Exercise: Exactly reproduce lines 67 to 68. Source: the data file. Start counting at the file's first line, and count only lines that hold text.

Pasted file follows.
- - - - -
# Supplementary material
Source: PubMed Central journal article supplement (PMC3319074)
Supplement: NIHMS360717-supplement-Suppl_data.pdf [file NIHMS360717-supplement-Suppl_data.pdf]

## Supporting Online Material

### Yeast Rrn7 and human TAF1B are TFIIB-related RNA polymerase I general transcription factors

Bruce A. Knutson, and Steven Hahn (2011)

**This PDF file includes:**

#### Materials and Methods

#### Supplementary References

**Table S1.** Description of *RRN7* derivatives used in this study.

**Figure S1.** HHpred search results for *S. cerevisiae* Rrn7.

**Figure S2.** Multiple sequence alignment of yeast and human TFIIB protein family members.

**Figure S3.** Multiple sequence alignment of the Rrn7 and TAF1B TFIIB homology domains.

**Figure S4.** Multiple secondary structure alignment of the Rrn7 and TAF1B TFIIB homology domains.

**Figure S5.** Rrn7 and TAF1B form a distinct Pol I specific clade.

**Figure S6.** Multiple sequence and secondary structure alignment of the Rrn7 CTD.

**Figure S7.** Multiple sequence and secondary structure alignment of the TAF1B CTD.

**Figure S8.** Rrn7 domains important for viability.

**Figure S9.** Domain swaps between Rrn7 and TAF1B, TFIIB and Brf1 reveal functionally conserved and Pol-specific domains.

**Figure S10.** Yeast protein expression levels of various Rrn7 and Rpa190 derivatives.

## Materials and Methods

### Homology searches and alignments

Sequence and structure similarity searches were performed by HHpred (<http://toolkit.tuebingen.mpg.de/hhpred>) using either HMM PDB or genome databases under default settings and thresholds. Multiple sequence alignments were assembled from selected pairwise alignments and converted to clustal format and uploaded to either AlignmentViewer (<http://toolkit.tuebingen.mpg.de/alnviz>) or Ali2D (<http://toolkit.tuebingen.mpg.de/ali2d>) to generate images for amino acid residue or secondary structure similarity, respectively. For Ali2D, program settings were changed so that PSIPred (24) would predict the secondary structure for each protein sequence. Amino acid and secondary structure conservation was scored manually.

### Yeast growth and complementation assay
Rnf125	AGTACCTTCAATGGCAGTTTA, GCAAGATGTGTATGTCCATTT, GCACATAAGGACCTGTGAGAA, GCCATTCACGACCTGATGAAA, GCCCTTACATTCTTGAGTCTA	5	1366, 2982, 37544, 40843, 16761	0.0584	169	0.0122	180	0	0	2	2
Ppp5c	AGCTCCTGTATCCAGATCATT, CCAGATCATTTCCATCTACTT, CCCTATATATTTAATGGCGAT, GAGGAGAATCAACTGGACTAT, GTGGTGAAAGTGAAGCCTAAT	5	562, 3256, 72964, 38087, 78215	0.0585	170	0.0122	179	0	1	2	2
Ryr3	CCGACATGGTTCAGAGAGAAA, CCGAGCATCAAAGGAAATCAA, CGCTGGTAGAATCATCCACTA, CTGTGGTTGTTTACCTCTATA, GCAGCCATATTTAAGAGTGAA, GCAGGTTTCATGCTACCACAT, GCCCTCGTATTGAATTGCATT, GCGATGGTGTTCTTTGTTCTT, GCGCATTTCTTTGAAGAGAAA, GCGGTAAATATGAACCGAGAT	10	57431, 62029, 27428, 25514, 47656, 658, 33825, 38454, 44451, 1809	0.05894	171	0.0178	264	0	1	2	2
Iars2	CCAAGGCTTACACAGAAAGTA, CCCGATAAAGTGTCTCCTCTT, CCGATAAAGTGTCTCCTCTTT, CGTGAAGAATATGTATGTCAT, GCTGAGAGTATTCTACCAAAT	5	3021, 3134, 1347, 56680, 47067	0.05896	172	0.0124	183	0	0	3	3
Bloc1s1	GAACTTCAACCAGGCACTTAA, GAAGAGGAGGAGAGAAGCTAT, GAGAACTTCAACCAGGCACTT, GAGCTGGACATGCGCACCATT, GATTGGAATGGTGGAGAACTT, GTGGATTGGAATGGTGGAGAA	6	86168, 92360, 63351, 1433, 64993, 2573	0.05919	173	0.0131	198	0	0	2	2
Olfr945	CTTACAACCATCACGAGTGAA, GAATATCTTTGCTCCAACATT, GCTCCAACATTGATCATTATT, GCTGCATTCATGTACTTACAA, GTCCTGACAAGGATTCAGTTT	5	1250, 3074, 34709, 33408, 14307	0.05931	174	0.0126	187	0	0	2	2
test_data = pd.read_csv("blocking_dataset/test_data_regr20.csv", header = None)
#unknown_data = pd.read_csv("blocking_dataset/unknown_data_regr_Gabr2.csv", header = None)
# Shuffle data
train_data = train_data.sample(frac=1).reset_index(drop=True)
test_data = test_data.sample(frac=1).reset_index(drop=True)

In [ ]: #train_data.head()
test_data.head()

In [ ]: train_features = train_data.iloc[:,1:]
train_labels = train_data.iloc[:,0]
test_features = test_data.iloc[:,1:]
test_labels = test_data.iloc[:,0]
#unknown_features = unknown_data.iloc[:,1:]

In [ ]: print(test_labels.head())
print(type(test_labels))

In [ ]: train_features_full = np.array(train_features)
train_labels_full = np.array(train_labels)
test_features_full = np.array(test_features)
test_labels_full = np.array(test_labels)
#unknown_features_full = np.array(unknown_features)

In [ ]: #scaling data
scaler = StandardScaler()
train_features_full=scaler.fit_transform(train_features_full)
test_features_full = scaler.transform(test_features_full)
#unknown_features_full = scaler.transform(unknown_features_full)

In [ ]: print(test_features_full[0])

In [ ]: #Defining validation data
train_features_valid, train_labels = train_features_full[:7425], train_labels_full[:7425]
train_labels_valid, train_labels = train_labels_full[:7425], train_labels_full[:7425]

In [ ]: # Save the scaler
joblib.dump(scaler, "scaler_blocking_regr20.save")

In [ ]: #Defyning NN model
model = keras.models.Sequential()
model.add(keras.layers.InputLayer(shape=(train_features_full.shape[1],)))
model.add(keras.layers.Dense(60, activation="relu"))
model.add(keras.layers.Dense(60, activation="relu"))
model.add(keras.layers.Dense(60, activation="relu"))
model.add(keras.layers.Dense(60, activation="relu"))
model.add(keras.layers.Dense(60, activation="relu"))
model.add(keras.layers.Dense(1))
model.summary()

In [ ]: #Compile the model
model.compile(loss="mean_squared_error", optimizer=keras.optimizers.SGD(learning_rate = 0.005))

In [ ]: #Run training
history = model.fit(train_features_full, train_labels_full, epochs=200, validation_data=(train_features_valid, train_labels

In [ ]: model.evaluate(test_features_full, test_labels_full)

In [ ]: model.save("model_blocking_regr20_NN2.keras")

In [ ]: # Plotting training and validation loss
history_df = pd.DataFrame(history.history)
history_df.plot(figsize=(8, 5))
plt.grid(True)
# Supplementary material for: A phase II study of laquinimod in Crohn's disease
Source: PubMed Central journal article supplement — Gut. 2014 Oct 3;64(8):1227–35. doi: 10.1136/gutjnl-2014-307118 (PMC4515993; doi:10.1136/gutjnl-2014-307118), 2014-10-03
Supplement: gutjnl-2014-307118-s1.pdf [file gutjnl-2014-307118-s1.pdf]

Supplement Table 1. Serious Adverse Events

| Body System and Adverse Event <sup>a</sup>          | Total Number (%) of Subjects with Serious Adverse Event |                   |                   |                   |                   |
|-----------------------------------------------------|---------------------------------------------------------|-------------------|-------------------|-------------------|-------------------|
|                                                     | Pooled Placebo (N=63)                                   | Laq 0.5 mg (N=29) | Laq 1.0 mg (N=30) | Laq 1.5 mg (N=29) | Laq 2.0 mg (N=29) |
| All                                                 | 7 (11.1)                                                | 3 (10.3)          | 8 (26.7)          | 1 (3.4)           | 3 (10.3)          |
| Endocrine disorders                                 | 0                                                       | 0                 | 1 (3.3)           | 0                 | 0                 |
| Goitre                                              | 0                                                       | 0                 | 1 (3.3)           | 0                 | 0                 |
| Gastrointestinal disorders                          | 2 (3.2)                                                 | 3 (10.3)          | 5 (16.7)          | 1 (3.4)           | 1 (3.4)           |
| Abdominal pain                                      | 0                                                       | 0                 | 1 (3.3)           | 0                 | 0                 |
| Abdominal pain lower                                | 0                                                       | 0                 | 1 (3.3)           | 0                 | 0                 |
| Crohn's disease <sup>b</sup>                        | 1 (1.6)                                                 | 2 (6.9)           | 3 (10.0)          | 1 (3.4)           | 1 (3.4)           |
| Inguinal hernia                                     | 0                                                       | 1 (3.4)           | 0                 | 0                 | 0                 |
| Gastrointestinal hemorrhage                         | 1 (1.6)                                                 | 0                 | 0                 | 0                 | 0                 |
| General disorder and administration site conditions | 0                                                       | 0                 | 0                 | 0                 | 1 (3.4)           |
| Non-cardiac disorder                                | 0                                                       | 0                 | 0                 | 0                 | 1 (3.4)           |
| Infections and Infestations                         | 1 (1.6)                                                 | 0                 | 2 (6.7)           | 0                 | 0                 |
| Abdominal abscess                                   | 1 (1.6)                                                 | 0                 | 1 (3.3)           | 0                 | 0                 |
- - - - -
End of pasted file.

model.add(keras.layers.Dense(60, activation="relu"))
model.add(keras.layers.Dense(60, activation="relu"))